Thursday, September 22, 2022

hobbit day

It was Bilbo and Frodo's birthday today, and going on an unnecessarily extended quest for fried chicken for lunch was an appropriately incongruous way to celebrate it.

In another world, one in which we all had better luck with health matters, I would have spent the later afternoon with a bunch of friends settling toastily into the auditorium at the Haggerty Museum of Art in Milwaukee, surrounded by its Tolkien manuscript exhibition, listening to Carl F. Hostetter talking about "Editing the Tolkien Manuscript." In the event, neither of us was actually there, and the whole thing was conducted by Zoom. Carl talked more about clues to dating the manuscripts and the characteristics, changing over time, of Tolkien's handwriting and penmanship, than about transcribing the text, defeating challenge though, he admitted, that can sometimes be.

So what should I then find but a post, a couple days old now, by John Scalzi on the decline of cursive writing. He says it's not being taught in schools any more. Oh really? Good riddance; I thought it made no sense when I encountered it (in fourth grade, not, as Scalzi reports as normal, second), some years before Scalzi was born. "Now we're going to learn a new way to write," the teacher said brightly, and I remembered how much trouble it had been to learn the old way to write - printing - and I was dashed if I was going to go through that again.

So I didn't. I just flatly refused to learn cursive, and I never have. Eventually my mother pointed out that I was going to have to learn to sign my name, so I learned enough cursive for that (though I never quite got the hang of the "v"), but that's it. The only things I handwrite these days are 1) notes and occasional first drafts for concert reviews; 2) annotations on printed out proofs; 3) memos to B. on the backs of old one-a-day calendar pages. And those are all printed, not cursive. As a result of which, any future scholars studying my manuscripts are going to have a lot less trouble reading them that Carl, or even sometimes the author himself, has or had with Tolkien's.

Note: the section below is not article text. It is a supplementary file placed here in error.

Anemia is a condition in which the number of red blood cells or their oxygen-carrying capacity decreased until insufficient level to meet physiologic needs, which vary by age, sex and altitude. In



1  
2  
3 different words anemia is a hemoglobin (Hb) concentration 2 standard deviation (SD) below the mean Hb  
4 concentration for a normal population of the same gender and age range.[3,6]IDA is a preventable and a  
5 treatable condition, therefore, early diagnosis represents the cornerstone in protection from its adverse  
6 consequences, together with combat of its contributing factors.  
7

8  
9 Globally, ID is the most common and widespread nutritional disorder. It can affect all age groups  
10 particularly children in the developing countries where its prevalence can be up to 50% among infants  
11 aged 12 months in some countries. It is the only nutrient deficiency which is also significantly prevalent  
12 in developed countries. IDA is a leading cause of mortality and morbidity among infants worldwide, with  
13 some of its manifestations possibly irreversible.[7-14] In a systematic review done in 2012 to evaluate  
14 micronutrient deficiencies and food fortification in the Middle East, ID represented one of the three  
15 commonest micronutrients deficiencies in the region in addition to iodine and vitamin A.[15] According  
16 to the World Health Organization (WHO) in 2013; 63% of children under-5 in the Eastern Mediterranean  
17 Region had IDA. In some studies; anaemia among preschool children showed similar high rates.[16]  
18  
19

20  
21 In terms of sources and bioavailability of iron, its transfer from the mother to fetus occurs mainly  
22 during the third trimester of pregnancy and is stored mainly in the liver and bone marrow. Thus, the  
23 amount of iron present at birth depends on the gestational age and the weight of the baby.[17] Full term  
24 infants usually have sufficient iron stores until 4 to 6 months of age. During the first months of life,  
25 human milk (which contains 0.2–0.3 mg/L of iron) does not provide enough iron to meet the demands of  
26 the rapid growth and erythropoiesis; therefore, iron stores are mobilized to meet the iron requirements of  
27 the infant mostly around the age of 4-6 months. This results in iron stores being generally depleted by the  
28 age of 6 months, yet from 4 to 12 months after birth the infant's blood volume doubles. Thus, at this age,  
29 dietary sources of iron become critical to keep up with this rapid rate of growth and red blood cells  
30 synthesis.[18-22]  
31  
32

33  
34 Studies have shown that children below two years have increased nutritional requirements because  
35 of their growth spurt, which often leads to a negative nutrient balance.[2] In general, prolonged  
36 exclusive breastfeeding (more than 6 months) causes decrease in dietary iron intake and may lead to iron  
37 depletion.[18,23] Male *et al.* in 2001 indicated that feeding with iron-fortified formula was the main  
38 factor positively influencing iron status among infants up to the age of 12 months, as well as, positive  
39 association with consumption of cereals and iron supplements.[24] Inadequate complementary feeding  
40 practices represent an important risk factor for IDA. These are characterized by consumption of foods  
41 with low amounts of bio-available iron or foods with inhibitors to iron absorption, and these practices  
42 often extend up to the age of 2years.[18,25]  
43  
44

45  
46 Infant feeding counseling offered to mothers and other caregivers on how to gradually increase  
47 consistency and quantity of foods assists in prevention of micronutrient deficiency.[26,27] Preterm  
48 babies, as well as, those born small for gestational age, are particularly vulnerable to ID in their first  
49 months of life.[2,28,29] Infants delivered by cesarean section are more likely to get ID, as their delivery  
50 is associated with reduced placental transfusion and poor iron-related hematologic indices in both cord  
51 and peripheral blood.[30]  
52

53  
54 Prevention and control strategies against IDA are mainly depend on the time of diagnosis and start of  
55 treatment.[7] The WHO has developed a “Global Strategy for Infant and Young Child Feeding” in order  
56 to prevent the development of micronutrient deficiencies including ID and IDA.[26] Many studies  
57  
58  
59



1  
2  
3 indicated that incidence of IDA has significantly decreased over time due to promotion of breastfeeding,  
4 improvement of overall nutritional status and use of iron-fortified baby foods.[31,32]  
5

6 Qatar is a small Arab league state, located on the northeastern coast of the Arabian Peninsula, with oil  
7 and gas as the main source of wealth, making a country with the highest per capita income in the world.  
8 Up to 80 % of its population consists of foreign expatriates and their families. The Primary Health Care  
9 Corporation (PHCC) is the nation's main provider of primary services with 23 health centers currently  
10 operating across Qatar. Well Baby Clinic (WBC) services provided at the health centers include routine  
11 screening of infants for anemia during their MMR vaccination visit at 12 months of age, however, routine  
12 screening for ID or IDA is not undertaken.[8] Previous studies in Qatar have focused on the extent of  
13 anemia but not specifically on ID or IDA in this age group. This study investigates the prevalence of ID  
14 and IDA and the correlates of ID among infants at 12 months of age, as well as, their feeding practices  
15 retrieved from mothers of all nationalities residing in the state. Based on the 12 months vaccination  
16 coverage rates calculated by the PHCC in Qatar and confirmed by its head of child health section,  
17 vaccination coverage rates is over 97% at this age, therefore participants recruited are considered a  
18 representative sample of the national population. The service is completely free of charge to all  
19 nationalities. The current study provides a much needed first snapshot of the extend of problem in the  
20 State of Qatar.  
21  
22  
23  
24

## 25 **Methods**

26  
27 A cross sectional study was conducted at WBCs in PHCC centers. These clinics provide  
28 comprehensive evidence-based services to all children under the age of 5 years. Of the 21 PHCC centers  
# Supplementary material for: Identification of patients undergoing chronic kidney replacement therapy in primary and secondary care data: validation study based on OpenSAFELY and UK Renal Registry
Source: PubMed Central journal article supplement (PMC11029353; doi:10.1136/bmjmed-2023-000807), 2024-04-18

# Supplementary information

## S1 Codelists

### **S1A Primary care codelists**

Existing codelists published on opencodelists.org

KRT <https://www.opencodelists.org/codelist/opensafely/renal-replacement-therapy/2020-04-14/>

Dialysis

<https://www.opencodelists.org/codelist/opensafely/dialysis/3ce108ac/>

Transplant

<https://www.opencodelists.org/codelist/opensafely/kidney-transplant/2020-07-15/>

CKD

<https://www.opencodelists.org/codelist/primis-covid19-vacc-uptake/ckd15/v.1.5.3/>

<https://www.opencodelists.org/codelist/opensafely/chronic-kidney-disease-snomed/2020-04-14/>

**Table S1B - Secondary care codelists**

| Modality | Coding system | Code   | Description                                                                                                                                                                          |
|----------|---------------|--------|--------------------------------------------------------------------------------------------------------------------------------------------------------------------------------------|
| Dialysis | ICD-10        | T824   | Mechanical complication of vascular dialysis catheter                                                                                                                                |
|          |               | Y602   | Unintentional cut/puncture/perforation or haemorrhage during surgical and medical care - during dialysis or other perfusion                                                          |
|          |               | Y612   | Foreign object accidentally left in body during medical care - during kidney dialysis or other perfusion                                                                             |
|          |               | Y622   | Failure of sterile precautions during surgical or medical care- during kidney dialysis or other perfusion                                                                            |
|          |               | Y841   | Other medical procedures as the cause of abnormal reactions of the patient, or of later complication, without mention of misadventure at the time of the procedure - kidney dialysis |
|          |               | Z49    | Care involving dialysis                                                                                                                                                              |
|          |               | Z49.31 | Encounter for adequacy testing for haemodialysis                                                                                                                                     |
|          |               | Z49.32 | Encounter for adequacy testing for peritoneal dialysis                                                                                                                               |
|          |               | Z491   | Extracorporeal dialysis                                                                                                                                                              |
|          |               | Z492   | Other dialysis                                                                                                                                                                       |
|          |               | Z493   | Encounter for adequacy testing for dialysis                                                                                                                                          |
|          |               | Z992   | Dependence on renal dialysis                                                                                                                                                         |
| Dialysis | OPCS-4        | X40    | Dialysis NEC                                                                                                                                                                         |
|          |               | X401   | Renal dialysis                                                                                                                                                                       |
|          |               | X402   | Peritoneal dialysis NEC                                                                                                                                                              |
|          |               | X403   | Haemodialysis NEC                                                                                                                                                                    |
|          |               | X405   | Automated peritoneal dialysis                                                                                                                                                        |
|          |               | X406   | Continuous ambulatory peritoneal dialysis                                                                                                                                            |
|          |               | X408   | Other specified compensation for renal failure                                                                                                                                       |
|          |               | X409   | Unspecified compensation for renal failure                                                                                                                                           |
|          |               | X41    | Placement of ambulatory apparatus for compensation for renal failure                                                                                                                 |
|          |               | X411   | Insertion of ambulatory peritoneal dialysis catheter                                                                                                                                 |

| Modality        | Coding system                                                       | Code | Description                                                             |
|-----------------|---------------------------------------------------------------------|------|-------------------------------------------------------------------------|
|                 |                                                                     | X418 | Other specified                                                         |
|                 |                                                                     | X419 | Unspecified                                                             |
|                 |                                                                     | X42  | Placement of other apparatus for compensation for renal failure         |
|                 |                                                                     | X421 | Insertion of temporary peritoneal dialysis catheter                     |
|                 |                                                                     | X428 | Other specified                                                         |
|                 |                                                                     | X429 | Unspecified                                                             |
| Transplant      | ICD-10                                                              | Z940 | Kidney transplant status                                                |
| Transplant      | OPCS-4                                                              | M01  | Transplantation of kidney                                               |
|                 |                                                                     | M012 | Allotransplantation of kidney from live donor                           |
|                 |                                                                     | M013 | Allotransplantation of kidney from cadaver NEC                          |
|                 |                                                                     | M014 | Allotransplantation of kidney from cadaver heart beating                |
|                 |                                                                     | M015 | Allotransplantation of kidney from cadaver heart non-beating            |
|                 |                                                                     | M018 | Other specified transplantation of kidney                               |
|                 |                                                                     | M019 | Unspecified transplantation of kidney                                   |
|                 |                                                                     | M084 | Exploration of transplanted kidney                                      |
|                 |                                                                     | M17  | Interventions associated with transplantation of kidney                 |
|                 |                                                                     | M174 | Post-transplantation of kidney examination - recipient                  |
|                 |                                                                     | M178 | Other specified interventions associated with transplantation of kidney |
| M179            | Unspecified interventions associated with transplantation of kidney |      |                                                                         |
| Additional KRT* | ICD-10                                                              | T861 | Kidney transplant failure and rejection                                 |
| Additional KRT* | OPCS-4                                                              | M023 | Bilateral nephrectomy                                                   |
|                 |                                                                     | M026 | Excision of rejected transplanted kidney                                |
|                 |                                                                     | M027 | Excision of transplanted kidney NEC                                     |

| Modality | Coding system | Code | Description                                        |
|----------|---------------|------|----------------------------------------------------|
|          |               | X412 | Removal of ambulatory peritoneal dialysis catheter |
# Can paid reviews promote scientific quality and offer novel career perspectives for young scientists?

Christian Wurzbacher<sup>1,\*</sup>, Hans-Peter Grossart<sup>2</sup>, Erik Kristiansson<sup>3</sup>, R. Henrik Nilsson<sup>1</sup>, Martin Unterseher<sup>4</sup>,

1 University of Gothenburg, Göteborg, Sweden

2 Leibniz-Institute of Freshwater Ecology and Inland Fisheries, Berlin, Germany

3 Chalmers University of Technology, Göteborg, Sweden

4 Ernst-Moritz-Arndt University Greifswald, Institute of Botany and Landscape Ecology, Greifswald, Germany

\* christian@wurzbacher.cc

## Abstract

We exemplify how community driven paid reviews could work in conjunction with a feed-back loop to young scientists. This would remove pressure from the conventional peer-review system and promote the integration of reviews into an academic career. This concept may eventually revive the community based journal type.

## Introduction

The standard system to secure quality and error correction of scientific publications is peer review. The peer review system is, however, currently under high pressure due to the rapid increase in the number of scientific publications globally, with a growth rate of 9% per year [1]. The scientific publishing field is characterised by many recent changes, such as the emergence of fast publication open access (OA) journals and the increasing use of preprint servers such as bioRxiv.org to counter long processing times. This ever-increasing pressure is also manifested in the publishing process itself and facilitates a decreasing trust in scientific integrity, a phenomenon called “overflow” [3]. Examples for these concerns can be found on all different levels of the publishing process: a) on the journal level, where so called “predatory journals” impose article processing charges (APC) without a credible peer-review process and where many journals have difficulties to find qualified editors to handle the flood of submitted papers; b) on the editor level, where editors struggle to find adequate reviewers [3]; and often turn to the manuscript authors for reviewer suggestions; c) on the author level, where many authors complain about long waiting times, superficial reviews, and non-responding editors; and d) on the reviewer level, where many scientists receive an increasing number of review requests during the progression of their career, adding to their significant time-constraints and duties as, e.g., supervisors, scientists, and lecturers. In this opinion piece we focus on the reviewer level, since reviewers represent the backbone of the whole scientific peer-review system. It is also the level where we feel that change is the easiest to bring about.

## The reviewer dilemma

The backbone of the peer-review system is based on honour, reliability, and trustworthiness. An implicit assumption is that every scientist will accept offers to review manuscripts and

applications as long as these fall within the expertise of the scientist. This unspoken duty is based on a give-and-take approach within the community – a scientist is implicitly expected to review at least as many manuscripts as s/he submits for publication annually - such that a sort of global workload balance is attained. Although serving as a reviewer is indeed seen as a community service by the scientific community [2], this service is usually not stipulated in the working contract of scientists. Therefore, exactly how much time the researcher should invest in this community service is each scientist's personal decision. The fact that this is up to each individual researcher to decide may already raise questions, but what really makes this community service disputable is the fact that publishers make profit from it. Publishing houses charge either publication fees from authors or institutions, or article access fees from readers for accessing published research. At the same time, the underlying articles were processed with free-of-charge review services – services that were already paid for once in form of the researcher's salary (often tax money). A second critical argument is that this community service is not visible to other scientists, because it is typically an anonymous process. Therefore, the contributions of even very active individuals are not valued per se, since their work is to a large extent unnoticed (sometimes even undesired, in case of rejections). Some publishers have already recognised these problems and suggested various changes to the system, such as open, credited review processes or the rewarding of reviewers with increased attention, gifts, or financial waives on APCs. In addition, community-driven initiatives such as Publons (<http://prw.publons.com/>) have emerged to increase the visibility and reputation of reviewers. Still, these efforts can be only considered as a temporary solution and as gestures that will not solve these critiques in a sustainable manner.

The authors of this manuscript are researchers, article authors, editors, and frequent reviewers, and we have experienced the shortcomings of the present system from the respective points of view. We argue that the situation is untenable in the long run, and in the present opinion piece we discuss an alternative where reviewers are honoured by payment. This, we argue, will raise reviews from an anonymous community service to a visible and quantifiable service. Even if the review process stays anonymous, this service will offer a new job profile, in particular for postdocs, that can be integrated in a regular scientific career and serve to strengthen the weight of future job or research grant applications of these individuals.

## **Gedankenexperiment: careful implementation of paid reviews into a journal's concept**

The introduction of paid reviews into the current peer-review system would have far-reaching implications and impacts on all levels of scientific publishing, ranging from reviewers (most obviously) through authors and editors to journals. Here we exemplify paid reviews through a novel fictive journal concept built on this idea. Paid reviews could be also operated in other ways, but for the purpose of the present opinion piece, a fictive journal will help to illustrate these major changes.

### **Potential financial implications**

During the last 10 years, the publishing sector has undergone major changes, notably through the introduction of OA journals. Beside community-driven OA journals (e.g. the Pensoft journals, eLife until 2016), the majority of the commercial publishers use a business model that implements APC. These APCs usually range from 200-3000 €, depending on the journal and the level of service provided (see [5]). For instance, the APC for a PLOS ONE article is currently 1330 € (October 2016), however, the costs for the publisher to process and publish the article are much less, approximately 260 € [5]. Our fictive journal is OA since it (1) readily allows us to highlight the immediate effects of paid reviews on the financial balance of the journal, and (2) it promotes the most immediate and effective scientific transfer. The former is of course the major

1. Future scholars who didn't learn cursive, however, will experience one more obstacle to the reading of old manuscripts.
    Of course, few people become scholars.

    Dale Nelson

  2. Dale, there are giant swaths of history for which knowing modern cursive won't help one bit in reading period handwriting. Paleographers exist for a reason.

  3. Nice post thank you Edward